Angina is typically precipitated by exertion or emotional stress.
Atherosclerosis is the most common cause of stenosis (narrowing of the blood vessels) of the heart's arteries and, hence, angina pectoris.
Angina of effort, or stable angina, is the more common form of angina and occurs during periods of exercise, stress, or excitement.
What differentiates stable angina from unstable angina (other than symptoms) is the pathophysiology of the atherosclerosis.
Ranolazine (Ranexa) is a new class of anti-anginal drug that was approved by the Food and Drug Administration (FDA).
Ludwig's angina is a serious, potentially life-threatening infection of the tissues of the floor of the mouth.
The increase of smoking, obesity, and other risk factors has already led to an increase in angina and related diseases in countries such as China.
On the other hand, worsening ("crescendo") angina attacks, sudden-onset angina at rest, and angina lasting more than fifteen minutes are symptoms of unstable angina (usually grouped with similar conditions as the acute coronary syndrome).
Apart from chest discomfort, anginal pains may also be experienced in the epigastrium (upper central abdomen), back, neck, jaw, or shoulders.
The term angina, which comes intact from Latin and refers to a painful constriction or tightness somewhere in the body, is also used for other conditions.
An aspirin (75 mg to 100 mg) per day has been shown to be beneficial for all patients with stable angina that have no problems with its use.
Coronary artery disease is a main cause of angina.
The term angina pectoris derives from the Greek ankhon, for "strangling," and the Latin pectus for "chest," and can therefore be translated as "a strangling feeling in the chest."
Angina is more often the presenting symptom of coronary artery disease in women than in men.
Unstable angina may occur unpredictably at rest, which may be a serious indicator of an impending heart attack.
Chest pain lasting only a few seconds is normally not angina.
Individuals with angina of effort do have an increased risk of myocardial infarction (heart attack) (Larson 2004).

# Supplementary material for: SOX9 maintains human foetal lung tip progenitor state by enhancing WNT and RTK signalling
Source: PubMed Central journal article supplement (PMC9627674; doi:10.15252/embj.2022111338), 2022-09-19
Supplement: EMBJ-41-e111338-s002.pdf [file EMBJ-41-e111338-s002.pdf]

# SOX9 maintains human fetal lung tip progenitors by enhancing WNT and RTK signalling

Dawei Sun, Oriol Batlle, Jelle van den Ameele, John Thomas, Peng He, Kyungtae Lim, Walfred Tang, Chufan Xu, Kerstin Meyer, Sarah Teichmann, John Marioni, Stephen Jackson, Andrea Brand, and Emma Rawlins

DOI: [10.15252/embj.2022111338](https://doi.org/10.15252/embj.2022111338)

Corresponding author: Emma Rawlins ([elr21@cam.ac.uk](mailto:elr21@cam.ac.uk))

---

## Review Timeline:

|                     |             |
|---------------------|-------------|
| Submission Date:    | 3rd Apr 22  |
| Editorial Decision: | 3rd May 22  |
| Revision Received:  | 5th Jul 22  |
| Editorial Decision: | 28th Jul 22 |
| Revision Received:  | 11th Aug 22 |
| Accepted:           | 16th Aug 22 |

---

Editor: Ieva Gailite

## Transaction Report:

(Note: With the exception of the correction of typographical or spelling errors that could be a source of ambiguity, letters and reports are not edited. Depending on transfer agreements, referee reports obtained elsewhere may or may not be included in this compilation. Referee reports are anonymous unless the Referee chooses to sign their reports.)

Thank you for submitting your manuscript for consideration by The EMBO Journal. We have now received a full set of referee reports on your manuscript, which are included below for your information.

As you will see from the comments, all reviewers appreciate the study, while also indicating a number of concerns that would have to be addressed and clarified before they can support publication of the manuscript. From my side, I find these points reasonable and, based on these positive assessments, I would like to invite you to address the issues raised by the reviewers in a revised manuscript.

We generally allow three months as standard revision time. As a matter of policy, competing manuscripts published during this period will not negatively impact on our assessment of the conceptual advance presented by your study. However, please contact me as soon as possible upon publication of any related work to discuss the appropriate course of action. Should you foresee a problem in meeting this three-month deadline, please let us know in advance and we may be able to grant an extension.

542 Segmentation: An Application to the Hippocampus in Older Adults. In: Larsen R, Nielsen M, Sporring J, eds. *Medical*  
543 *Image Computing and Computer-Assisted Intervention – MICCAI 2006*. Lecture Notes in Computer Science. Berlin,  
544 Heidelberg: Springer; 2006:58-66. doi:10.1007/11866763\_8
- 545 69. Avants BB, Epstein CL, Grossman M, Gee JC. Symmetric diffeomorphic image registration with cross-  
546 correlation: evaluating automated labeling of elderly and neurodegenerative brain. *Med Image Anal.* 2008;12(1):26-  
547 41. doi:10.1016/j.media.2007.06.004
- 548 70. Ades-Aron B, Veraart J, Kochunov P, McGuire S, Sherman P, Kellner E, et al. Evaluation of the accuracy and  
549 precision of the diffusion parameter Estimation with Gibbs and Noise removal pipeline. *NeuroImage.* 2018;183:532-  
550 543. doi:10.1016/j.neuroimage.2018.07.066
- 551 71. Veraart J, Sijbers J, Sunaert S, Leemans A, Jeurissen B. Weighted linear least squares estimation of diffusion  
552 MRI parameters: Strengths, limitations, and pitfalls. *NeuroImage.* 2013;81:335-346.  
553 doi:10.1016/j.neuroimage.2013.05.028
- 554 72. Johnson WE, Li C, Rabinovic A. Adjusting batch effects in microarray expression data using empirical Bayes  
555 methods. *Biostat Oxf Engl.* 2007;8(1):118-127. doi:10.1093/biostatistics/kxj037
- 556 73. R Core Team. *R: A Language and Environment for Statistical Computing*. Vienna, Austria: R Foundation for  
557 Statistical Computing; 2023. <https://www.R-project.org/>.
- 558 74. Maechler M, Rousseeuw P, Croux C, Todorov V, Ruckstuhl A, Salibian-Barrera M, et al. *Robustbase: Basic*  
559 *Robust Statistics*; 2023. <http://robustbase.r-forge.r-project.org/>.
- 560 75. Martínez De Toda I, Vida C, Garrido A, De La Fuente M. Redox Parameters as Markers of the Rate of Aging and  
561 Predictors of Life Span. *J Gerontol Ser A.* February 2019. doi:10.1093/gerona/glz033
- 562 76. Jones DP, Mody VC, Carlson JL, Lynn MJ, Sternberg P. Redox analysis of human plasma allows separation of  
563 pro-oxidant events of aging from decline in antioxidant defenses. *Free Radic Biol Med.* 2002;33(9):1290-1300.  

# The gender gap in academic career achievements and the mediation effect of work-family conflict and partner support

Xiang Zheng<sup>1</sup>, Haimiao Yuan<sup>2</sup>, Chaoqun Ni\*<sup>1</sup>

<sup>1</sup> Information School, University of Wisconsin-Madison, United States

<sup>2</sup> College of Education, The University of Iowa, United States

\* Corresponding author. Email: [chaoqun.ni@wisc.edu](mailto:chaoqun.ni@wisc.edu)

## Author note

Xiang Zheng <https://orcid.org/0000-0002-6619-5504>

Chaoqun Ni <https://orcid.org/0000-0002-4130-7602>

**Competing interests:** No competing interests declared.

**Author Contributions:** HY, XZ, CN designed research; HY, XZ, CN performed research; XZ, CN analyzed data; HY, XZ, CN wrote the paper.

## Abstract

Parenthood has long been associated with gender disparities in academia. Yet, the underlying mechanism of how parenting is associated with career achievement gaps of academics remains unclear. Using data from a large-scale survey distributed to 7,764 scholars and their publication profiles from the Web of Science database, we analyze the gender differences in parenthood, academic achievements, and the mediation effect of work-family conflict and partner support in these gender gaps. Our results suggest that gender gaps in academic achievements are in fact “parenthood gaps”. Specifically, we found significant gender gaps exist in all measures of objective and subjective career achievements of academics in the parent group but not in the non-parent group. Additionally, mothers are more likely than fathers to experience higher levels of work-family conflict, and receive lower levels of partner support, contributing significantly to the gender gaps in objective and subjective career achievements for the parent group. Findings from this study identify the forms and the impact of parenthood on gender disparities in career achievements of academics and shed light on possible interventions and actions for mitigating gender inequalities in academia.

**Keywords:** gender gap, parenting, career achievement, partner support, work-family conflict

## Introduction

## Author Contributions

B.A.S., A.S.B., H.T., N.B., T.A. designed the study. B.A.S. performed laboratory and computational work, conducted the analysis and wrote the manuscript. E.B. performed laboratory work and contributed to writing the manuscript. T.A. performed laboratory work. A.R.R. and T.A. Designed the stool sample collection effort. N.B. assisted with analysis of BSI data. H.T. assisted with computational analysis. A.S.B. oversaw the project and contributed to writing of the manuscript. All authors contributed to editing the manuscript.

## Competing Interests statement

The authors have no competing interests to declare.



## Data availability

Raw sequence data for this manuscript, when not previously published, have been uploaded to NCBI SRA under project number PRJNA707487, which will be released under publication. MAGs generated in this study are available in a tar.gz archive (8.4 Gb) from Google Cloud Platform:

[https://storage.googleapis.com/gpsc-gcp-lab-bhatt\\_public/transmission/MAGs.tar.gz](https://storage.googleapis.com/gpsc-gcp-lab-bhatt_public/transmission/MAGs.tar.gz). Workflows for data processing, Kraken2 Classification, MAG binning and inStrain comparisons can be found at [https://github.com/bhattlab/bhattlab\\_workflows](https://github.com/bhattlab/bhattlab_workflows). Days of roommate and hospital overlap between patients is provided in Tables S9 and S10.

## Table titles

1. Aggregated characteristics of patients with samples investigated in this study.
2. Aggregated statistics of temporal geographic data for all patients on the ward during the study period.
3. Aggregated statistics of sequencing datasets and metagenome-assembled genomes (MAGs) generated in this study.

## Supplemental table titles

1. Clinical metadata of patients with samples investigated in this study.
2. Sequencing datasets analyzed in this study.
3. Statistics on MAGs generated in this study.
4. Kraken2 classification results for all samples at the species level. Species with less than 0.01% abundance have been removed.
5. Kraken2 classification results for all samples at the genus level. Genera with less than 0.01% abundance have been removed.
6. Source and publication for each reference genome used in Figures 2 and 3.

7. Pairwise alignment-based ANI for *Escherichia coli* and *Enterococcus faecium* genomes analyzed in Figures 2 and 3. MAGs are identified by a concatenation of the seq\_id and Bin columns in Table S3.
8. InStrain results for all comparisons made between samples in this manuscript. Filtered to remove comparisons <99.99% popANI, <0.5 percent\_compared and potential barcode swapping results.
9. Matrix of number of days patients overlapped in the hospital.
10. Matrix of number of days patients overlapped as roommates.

Vincent's angina, or trench mouth, is an infection of the gums leading to inflammation, bleeding, deep ulceration, and necrotic gum tissue.
Medication often is used to control angina or reduce risk of heart attack.
Abdominal angina is a postprandial abdominal pain that occurs in individuals with insufficient blood flow to meet visceral demands.
The largest randomized trial of an anti-anginal drug to date is the ACTION trial.
Angina tonsillaris (tonsillitis) is an inflammation of the tonsils.
Prinzmetal's angina is a syndrome typically consisting of cardiac chest pain at rest that occurs in cycles.
Identifying and treating risk factors for further coronary heart disease is a priority in patients with angina.
Roughly 6.3 million Americans are estimated to experience angina.
Surprising perhaps is that exercise is also a very good long term treatment for angina, although only particular regimes—gentle and sustained exercise rather than dangerous intense short bursts) (Ades et al.
The main goals of treatment in angina pectoris are relief of symptoms, slowing progression of the disease, and reduction of future events, especially heart attacks and, of course, death.
In angina patients who are momentarily not feeling any chest pain, an electrocardiogram (ECG) is typically normal, unless there have been other cardiac problems in the past.
The prevalence of angina rises with an increase in age.
Calcium channel blockers (such as nifedipine (Adalat) and amlodipine), Isosorbide mononitrate, and nicorandil are vasodilators commonly used in chronic stable angina.
Angina pectoris, commonly known as angina, is severe pain in the chest that is caused by restriction in blood supply (ischemia) to the heart muscle, and thus insufficient oxygen supply to the heart muscle.
Alternative treatments for angina include massage or kinesiological methods, or the use of cholesterol-lowering treatments such as consumption of garlic and herbal remedies such as alfalfa, tumeric, and Asian ginseng (Larson 2004).
Major risk factors for angina pectoris include cigarette smoking, diabetes, high cholesterol, obesity, high blood pressure, stress, sedentary lifestyle, and family history of premature heart disease.
Most patients with angina complain of chest discomfort rather than actual pain: the discomfort is usually described as a pressure, heaviness, tightness, squeezing, burning, or choking sensation.